The Greenland melt

The findings are spectacular. In the Eemian ice, there is clear evidence of significant melting of what would then have been snow at the surface. The amount of air trapped in the ice undergoes rapid fluctuations, resulting from the fact that ice that melts and then refreezes generally winds up with fewer air bubbles in it than the original porous snow. There are also strong fluctuations observed in soluble gases such as N2O whereas variations in the oxygen isotope concentration — both in the molecular oxygen (O2) in the air and in the ice (H2O) itself — are small. The isotope concentration of the O2 can be matched to that in undisturbed ice from the same time period in ice cores from Antarctica, providing a way to date the ice, showing unambiguously that non-disturbed layers are preserved from the peak of the Eemian period, about 125,000 years ago.

Qualitatively, the evidence for melt in the NEEM Eemian ice shows that it was warm at the time. Obviously. But more interestingly, the last year of the NEEM project was 2012, and researchers were able to witness first hand what the formation of melt layers mean at NEEM in terms of the ambient conditions. In July 2012, the NEEM saw above-freezing temperatures for six consecutive days (10 to 15 July), with rain events on 11 and 13 July. When the water refroze, it formed several distinct, clear layers of ice (which we call a “melt layers”) between 5 and about 60 cm down in the snow, about 1 cm thick. This is a rare event. It was so warm over Greenland in that week that a significant melt layer also formed up at the Summit; in fact, the entire surface of the ice sheet was melting.

That hasn’t happened — not once — in the entire satellite record (see Jason Box’s excellent blog, for more on this, and Marco Tedesco's paper.). In fact, examination of melt layer records from ice cores at Summit shows that a melt layer like the one that formed in 2012 was the most significant Greenland melt event since at least the late 19th century. If you drill about 100 m down into the ice and recover an ice core, you invariably find that layer, shown in the photo below (the bright line at which the person’s thumb is pointing).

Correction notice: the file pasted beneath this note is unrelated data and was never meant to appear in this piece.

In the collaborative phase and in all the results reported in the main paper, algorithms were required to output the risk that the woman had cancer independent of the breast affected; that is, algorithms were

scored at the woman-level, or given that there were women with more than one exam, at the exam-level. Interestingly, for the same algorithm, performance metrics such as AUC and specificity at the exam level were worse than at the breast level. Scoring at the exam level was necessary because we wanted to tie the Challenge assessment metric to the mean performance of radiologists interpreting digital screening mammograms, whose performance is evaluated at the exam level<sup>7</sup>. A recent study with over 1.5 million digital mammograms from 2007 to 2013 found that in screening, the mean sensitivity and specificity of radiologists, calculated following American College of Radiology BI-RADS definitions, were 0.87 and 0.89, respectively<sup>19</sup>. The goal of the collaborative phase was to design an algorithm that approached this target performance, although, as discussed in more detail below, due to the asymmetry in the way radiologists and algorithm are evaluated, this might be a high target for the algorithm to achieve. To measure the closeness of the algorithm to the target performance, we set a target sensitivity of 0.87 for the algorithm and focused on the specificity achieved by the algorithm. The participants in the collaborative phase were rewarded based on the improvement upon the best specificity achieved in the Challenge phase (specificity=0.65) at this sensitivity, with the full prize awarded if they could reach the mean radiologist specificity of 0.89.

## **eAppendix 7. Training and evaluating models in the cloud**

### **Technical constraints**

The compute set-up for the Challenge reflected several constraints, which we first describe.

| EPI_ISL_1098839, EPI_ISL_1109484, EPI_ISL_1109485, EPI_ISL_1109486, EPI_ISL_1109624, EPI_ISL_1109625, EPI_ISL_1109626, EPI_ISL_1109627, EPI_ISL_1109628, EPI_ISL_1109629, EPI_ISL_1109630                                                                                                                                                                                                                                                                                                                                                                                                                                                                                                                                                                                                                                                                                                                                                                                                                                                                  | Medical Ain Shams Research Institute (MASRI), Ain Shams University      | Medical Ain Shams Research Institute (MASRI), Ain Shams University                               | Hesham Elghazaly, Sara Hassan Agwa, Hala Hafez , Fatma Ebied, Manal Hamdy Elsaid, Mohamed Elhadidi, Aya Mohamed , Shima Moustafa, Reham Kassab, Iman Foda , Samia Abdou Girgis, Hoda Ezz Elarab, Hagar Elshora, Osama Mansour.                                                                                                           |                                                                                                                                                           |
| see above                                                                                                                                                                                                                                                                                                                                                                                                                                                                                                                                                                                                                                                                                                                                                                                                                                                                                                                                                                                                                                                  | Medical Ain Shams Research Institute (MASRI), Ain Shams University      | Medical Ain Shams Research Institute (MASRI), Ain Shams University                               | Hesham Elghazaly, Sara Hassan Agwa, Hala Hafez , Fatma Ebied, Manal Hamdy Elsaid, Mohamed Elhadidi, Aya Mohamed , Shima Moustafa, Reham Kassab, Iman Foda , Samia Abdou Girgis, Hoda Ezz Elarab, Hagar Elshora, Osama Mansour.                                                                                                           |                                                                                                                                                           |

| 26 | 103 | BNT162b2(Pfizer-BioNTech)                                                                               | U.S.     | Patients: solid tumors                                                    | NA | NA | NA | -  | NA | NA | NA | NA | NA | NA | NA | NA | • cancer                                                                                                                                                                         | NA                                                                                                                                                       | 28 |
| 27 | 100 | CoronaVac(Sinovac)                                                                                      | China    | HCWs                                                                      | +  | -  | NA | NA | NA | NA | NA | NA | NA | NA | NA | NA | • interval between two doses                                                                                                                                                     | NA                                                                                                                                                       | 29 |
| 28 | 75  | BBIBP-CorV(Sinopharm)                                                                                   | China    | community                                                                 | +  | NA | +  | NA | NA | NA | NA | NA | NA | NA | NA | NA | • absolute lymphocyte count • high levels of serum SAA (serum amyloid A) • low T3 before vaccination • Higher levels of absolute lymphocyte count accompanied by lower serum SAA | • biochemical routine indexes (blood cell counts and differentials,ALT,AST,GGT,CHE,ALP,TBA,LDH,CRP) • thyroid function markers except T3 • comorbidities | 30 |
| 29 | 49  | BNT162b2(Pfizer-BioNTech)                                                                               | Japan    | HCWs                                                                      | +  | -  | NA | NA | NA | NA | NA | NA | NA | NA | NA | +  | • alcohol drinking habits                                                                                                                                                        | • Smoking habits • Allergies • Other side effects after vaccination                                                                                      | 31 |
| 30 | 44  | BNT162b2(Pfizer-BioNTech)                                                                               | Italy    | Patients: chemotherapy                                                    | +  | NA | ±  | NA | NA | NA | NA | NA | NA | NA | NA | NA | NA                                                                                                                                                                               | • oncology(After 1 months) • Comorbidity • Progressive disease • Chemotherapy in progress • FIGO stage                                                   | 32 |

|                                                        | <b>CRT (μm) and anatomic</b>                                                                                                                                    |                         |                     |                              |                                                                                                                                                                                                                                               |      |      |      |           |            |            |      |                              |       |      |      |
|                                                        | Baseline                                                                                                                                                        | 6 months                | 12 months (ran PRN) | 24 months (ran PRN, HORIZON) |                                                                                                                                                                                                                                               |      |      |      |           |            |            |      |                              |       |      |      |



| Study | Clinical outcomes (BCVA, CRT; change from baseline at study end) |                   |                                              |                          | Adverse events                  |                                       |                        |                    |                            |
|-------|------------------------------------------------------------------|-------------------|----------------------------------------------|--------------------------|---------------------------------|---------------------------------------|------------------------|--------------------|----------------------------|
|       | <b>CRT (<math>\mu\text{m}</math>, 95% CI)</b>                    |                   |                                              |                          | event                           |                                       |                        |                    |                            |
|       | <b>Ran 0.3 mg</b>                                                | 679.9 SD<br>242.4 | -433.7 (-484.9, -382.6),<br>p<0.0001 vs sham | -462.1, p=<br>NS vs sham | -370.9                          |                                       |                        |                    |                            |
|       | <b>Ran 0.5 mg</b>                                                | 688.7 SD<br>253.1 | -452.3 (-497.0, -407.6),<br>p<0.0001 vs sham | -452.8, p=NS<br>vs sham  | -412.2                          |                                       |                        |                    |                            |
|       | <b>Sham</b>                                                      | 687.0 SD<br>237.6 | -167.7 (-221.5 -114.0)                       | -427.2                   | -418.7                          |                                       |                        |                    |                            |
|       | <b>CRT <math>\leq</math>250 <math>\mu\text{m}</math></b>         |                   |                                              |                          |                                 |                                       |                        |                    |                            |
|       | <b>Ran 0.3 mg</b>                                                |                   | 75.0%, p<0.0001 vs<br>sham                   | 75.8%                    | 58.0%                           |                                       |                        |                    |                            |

.Greenland ice core from ~80 m depth. E. Steig photo.

According to a recent paper on the 2012 melt by Nghiem et al., in Geophysical Research Letters, the 19th century event dates to 1889. One has to go back about 700 years to find the next such event, and overall, these are about once-in-250 year events over the last 4000 years. Prior to that, they occur more frequently — about once per century during the mid Holocene “climatic optimum”, when it was on average much warmer than present in Greenland in summer, due to the peak in Northern Hemisphere insolation due to changes in the earth’s orbit (Milankovitch forcing). Even during the mid-Holocene, though, there is no evidence from the ice cores that there was sufficient melting to create such strong anomalies in the air content and trace gas concentrations in the ice, as was observed in the Eemian in the NEEM ice. Thus, it was even warmer during Eemian than during the mid Holocene.

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  1. M. Tedesco, X. Fettweis, T. Mote, J. Wahr, P. Alexander, J. Box, and B. Wouters, "Evidence and analysis of 2012 Greenland records from spaceborne observations, a regional climate model and reanalysis data", The Cryosphere Discussions, vol. 6, pp. 4939-4976, 2012.